Exodus 32:1-5 When the people saw that Moses delayed to come down from the mountain, the people gathered themselves together to Aaron and said to him, “Up, make us gods who shall go before us. As for this Moses, the man who brought us up out of the land of Egypt, we do not know what has become of him.” So Aaron said to them, “Take off the rings of gold that are in the ears of your wives, your sons, and your daughters, and bring them to me.” So all the people took off the rings of gold that were in their ears and brought them to Aaron. And he received the gold from their hand and fashioned it with a graving tool and made a golden calf. And they said, “These are your gods, O Israel, who brought you up out of the land of Egypt!” When Aaron saw this, he built an altar before it.
During my teen years, I spent almost every day hanging out with a different family. I was rarely seen at my own home. I had a great family, with two loving parents and four siblings, but I chose to be with other families more than my own. The reason I did this was because, while I found my own family loving, I didn’t find them as cool, as funny, as open, or as new as the other families I sought to be a part of. This wasn’t my family’s fault, it was mine. They loved and accepted me for who I was. I just wasn’t willing to do the same at that time.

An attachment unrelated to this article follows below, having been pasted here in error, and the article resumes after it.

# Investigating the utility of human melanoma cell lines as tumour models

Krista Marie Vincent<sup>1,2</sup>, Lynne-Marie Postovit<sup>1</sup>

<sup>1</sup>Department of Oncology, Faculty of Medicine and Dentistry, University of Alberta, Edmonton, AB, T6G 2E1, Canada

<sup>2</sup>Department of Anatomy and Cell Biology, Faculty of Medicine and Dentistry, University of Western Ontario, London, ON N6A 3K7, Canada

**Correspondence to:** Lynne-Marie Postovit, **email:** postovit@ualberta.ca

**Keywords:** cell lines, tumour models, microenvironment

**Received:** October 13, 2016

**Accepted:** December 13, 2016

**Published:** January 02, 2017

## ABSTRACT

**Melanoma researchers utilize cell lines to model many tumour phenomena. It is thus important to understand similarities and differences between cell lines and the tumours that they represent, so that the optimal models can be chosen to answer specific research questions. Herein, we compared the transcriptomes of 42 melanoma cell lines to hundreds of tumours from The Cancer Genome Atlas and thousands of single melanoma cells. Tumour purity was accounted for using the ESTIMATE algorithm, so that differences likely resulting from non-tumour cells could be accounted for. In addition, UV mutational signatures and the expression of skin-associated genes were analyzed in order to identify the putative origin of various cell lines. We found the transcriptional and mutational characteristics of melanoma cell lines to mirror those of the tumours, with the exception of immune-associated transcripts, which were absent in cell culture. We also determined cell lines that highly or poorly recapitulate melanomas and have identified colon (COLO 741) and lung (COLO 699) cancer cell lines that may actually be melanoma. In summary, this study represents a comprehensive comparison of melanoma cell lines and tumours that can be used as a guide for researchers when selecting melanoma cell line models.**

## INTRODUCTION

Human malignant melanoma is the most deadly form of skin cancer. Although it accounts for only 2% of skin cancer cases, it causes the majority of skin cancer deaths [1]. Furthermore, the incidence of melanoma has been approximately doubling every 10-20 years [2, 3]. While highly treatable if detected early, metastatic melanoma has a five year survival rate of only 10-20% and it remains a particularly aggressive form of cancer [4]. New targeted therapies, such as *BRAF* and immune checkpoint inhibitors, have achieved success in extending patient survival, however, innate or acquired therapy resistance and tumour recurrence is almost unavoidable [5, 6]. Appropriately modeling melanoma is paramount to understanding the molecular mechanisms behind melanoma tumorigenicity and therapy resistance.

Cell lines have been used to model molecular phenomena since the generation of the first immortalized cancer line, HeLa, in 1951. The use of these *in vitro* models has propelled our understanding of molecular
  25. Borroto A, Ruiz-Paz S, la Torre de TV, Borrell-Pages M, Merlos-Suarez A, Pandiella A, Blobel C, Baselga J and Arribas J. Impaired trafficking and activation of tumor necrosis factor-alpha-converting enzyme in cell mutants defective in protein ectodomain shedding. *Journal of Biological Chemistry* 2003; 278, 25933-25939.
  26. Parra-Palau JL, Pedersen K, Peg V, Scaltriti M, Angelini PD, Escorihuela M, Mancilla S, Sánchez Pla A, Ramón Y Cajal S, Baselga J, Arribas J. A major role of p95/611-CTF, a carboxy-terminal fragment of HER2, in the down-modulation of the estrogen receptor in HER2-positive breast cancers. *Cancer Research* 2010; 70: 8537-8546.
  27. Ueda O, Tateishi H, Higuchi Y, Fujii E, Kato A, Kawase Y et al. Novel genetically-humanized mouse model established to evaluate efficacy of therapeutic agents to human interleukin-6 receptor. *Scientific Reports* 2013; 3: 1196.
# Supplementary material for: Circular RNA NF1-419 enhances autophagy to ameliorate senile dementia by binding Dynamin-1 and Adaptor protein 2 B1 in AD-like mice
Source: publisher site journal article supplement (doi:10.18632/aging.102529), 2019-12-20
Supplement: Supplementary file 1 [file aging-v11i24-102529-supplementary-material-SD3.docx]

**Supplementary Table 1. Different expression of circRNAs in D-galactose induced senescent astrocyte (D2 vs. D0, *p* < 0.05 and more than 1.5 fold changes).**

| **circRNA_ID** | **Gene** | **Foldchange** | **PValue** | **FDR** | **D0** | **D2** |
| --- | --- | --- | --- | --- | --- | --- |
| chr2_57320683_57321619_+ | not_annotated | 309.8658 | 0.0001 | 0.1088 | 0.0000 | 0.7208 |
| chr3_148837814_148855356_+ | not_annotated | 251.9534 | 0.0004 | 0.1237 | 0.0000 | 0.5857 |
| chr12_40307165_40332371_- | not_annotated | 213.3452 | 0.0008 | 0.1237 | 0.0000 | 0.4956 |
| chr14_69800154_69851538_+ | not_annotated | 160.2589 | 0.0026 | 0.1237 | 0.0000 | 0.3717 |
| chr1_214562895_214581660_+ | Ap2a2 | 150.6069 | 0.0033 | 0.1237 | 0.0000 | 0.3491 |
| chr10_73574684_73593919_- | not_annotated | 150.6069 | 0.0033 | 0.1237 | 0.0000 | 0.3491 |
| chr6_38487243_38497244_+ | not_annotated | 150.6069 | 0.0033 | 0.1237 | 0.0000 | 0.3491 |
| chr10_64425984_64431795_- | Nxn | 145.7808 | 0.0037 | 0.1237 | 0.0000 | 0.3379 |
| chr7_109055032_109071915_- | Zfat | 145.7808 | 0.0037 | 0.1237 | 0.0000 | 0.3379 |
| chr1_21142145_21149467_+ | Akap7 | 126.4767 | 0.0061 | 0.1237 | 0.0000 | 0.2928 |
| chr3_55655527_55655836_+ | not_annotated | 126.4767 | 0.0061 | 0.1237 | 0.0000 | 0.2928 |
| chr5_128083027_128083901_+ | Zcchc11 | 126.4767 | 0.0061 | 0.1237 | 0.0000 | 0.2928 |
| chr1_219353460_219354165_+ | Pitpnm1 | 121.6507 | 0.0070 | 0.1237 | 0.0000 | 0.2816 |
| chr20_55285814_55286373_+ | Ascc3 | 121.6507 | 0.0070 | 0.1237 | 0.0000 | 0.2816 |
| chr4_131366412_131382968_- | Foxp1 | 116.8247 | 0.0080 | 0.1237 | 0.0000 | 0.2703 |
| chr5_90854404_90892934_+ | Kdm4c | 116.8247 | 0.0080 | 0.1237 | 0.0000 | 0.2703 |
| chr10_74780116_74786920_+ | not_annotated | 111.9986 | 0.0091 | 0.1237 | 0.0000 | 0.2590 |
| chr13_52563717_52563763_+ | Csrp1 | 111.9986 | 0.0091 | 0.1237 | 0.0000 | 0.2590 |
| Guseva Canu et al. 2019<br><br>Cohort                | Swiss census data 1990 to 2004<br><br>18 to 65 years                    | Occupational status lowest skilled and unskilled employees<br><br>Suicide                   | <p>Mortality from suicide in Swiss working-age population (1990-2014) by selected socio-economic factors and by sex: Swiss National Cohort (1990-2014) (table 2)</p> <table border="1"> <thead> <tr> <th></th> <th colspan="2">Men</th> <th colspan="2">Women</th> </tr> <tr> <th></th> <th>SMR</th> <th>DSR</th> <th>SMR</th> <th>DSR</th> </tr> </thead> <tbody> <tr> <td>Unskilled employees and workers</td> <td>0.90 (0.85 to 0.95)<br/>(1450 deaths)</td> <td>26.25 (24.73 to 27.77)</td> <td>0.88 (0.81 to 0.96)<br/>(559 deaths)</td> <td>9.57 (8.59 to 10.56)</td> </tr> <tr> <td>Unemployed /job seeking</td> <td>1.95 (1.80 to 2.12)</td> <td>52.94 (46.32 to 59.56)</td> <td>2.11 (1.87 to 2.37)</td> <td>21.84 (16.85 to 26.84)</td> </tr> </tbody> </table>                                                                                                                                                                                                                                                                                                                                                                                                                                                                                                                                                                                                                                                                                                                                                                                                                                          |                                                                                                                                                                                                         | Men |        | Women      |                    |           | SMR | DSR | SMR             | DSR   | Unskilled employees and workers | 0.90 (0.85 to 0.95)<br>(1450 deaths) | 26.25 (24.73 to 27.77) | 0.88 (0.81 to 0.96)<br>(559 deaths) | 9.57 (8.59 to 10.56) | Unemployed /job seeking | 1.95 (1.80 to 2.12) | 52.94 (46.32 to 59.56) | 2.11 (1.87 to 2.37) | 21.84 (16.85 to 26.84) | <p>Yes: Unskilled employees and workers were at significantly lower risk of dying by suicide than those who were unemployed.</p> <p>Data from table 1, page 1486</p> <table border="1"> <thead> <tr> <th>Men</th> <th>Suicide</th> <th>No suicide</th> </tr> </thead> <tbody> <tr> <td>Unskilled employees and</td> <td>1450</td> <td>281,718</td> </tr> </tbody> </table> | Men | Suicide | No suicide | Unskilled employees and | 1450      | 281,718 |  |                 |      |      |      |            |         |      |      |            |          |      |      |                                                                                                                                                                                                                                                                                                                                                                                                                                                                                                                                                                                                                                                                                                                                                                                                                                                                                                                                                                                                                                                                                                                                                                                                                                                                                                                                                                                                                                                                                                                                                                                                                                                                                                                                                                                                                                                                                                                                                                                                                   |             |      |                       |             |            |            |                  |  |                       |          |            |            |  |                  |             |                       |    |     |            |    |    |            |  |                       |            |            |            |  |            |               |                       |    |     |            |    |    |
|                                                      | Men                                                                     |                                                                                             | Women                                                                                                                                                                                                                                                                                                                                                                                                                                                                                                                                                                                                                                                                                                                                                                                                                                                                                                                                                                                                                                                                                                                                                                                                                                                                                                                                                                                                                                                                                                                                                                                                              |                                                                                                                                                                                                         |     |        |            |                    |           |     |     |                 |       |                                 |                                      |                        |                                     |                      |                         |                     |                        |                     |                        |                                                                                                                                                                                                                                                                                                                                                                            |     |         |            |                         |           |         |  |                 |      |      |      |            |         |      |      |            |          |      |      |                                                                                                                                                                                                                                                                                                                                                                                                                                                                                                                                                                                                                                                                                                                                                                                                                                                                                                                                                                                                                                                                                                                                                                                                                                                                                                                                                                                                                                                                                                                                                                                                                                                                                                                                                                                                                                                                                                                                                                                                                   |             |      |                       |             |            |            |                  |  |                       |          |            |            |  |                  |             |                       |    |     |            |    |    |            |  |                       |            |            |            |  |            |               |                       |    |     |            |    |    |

When it comes to God, it is our human nature to want something we can craft, something we can change. Calvin said, “Man’s nature, so to speak, is a perpetual factory of idols.” We long to serve and worship something that we can manipulate and control; a god who is fashioned and formed by our carnal wants and desires. In Jeremiah 2:13, the prophet tells us the two evils we commit against God: we reject Him and replace Him.
While the Israelites were busy building themselves a god, the true and only God was next door, merely a few hundred feet away. They built the golden calf in view of Mt Sinai, where the Lord was speaking to Moses with thundering and lightning. But they didn’t want that God. They wanted a god who was mute, who wasn’t to be feared, and who would approve of their eating and drinking and playing. (v.6)
Our God loves us with an everlasting love. While His Spirit is constantly at work sanctifying us, the Lord loves us as we are. Yet, He requires us to love Him as He is. He refuses to be formed and fashioned by our hands. If we can’t love all of His perfect attributes, that’s not a problem with Him, it’s a problem with us. The Bible promises the greatest satisfaction as we show through our lives that “there is no God like our God, there is no God besides our God.”
Let’s remind ourselves and each other to stop creating our own gods, and worship the God next door, who dwells on His holy mountain yet lives in the depths of our heart.